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War’s Other Victims: Animals

Now researchers have published a quantitative study of war’s consequences for African animals — the first multi-decade, continentwide analysis. The findings, published in Nature, are both surprising and encouraging. Compared to all other measured factors, conflict is the most consistent predictor of species declines. Yet the northern white rhino is the exception.

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After soldiers reached Garamba National Park in the Democratic Republic of Congo in 1997, half of the elephants and three-quarters of the hippos were killed. Credit Jon Jones/Sygma, via Getty Images

War rarely leads to extinction, a finding that underscores the importance of post-conflict restoration efforts. “We show that war is bad, but not as bad as you might assume,” said Robert Pringle, an ecologist at Princeton University and lead author of the new study.

“There are really two alternative hypotheses you can imagine,” he added. “One is that war is just a disaster for everything, including environments. And the other is that pretty much anything that causes people to clear out from an area can be beneficial for wildlife.”

Indeed, Dr. Pringle noted, the Demilitarized Zone between North Korea and South Korea offers respite for rare species such as red-crowned cranes and Asiatic black bears.

Teaming up with Dr. Pringle, Joshua Daskin, a conservation ecologist at Yale University, undertook a laborious search of 500 scientific studies, government white papers, nonprofit reports and park management documents. He sought out comparable wildlife counts, irrespective of the presence of conflict, from 1946 to 2010.

The researchers then calculated various animal population trajectories over time and compared them with known conflicts. Their final list encompassed 253 populations of 36 species of herbivorous mammals — including elephants, giraffes, zebras, hippos and wildebeests — in 126 protected areas throughout Africa.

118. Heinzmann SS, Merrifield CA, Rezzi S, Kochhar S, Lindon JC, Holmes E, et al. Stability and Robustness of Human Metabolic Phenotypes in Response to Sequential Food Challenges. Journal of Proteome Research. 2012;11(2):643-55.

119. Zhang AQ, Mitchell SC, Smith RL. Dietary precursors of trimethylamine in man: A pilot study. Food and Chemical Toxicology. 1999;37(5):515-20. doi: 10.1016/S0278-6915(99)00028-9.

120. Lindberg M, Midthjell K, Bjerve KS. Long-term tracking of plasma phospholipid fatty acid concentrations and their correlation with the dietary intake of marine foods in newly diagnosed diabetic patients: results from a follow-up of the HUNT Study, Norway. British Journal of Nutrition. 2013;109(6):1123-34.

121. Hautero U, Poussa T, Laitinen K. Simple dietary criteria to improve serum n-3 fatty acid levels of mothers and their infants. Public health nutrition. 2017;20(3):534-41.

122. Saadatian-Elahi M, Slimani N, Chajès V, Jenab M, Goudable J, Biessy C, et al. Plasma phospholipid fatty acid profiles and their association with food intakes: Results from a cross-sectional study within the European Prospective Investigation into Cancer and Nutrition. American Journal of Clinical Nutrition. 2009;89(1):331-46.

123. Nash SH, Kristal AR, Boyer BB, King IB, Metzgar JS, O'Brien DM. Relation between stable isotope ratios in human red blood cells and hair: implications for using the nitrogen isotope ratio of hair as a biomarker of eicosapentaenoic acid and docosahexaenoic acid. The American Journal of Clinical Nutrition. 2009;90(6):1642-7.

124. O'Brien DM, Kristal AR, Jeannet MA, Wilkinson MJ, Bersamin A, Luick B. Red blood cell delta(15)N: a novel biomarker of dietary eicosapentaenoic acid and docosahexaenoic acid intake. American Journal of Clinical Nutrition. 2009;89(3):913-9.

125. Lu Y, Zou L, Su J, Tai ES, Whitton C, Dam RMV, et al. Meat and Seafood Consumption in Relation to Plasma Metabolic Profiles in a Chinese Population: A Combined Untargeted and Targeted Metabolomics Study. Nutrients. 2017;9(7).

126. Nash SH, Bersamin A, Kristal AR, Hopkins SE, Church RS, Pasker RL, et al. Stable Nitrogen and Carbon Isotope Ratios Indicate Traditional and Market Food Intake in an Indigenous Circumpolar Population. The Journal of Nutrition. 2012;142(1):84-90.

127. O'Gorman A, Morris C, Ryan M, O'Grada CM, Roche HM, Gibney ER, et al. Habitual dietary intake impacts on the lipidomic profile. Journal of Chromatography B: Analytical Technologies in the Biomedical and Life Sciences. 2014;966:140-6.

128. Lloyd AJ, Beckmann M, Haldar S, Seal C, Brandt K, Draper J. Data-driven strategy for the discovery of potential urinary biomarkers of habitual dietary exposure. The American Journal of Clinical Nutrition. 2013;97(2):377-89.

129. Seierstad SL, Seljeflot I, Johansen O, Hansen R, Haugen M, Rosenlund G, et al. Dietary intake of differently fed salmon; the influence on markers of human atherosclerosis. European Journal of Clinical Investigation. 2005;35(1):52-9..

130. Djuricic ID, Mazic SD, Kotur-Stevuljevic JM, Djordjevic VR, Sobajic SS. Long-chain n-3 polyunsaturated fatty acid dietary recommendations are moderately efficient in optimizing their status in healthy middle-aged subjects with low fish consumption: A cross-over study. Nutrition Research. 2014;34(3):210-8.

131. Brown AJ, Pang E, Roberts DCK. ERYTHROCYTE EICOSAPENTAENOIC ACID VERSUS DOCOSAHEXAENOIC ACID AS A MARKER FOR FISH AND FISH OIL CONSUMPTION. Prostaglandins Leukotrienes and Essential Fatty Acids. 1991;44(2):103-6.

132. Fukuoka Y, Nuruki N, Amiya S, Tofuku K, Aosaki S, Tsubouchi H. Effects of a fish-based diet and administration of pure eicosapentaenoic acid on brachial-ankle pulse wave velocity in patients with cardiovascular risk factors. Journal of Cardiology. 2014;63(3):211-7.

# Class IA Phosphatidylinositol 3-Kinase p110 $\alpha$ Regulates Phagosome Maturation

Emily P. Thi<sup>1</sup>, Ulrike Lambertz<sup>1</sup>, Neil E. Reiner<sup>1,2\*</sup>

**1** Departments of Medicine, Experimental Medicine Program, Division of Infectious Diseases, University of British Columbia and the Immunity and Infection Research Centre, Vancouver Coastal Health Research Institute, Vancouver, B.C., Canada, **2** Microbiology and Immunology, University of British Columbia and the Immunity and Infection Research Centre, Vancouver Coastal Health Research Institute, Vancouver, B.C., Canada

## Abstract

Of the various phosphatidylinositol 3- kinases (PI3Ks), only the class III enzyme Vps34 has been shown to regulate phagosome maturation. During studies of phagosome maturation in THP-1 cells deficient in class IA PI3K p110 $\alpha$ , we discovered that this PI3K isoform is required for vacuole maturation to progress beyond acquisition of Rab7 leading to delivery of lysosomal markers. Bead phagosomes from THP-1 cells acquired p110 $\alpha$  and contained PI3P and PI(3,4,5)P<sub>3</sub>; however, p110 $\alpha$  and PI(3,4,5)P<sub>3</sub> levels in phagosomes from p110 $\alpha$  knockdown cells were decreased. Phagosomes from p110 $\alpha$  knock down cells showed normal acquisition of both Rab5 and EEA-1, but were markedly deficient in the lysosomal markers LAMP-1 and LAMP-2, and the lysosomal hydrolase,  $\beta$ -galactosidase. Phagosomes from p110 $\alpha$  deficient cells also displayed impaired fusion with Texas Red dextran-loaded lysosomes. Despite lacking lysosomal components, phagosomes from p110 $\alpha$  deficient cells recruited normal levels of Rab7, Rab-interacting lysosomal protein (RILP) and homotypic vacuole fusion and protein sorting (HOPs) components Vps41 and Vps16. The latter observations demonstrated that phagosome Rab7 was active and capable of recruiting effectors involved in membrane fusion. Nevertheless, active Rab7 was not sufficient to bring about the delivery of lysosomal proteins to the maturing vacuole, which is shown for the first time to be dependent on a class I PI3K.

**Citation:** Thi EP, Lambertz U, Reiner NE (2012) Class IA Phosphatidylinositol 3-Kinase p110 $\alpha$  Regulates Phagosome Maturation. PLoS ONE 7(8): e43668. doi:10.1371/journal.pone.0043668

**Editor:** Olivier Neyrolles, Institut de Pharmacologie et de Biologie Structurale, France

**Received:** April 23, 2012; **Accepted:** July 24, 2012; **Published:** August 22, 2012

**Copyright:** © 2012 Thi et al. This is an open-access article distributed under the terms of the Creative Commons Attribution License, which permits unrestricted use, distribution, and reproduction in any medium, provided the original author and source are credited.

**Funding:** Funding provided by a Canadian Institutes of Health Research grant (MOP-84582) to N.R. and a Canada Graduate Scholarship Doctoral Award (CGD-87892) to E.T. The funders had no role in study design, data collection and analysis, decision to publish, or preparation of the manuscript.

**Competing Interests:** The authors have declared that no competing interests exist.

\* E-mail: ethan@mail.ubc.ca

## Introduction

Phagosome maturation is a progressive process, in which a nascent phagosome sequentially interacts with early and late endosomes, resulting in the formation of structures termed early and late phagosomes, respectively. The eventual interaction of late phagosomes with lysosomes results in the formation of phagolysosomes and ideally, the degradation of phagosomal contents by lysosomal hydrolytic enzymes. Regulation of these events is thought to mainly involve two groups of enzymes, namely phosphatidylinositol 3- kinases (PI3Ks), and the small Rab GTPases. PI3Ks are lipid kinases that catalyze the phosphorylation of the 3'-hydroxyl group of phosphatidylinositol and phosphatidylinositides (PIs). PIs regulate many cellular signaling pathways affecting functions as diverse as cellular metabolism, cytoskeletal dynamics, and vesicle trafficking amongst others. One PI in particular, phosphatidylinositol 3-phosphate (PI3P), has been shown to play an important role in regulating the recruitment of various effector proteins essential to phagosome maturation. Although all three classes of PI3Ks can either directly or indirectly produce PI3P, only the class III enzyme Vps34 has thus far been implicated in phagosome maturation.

The scientists found that it takes relatively little conflict — just one event every two to five decades — to push animal populations to lower levels. “Even with the onset of what could be a fairly minor conflict from a human perspective, we see the average wildlife population declining,” Dr. Daskin said.

Conflict frequency, in fact, was the most significant variable predicting wildlife trends among 10 other factors the researchers analyzed, including drought, the number of people living near a protected area and the degree of corruption found in a country. The more frequent the conflict, the greater the impact.

“This continentwide assessment confirms what many case studies have hinted at — war is a major driver of wildlife population declines across Africa,” said Kaitlyn Gaynor, a doctoral candidate at the University of California, Berkeley, who has studied armed conflict’s influence on wildlife.

The losses are likely the result of a combination of factors, said Dr. Hillman-Smith, who spent 22 years in Garamba conserving the park and its northern white rhinos.

In times of war, poached bushmeat may feed troops, local people and refugees, while valuable assets like ivory and rhino horn may be used to fund the struggle. Arms and ammunition also tend to become more widely available, Dr. Hillman-Smith said, and a general breakdown of law and order makes poaching easier.

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